Imagine yourself driving down a rural two-lane road. It’s night. The road is poorly lit. The headlights of oncoming traffic are distracting, making it even more difficult to see the road in front of you. You’re doing everything you can to stay in your lane and on the road.
And then it starts to rain.
Most drivers have faced similar circumstances and understand how difficult it can be to see lane markings in these conditions. In fact:
- Forty-nine percent of fatal crashes happen at night, even though most traffic is on the road during the day.¹
- Seventy percent of weather-related crashes happen on wet pavement.²
- Driving at night in light or heavy rain increases the risk of injury-related crashes by 7.7 times and the risk of fatal crashes by 10 times (compared to daytime driving).³
- In 2017, 6,952 people died in crashes on U.S. roads when it was raining.⁴
In rainy, nighttime conditions, the pavement markings that define lanes can become difficult to see. And pavement marking visibility plays a major role in helping drivers navigate, stay in their lanes, and get home safely.
So why, exactly, are pavement markings more difficult to see at night and in the rain?
Pavement Markings vs. Rain
To understand why pavement markings can be so hard to see in dark, rainy conditions, it’s helpful to know a little bit about what makes pavement markings visible. In general, pavement markings are embedded with retroreflective glass beads (optics) that are designed to reflect a vehicle’s headlights back to the driver. This makes the pavement striping visible at night to the driver traveling down the road.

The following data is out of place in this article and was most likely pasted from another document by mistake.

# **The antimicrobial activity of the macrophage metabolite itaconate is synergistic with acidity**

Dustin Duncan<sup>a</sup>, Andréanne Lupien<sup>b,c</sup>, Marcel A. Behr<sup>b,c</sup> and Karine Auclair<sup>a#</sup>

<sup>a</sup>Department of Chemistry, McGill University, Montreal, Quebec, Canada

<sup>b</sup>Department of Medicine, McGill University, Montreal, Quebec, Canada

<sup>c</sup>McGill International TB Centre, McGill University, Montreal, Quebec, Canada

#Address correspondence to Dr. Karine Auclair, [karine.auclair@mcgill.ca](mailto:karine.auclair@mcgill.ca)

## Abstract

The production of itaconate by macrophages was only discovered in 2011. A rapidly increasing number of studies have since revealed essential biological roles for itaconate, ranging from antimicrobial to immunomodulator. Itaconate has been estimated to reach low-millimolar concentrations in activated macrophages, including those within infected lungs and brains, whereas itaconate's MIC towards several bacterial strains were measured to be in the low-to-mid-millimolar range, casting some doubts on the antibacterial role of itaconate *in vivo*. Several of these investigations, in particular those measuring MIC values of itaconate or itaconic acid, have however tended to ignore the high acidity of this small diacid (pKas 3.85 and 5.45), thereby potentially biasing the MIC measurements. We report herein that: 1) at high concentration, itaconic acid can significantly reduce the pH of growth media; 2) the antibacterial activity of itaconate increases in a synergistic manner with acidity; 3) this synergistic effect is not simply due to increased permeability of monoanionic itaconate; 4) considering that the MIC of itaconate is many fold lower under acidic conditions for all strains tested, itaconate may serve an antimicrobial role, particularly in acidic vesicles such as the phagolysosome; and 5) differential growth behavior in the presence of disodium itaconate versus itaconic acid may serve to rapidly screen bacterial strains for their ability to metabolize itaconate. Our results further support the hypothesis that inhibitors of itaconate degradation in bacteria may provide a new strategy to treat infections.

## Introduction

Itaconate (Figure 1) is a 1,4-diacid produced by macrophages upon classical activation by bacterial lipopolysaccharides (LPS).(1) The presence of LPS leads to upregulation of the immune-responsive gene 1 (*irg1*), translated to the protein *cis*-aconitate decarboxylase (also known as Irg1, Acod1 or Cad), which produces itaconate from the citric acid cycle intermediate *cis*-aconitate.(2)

Different retroreflective optics are better at reflecting light under different conditions, however, and it’s not possible for a single bead to be optimized for both dry and wet conditions. The most common types of pavement markings use retroreflective optics with a refractive index (RI) of 1.5—designed, but not optimized, for dry conditions.
When it’s raining, the optics become surrounded by water instead of air, and water has a higher RI than air. As a result, the light from the headlight is spread out in a much broader, weaker cone, and very little light is reflected back toward the vehicle. This substantially reduces the visibility of the road striping.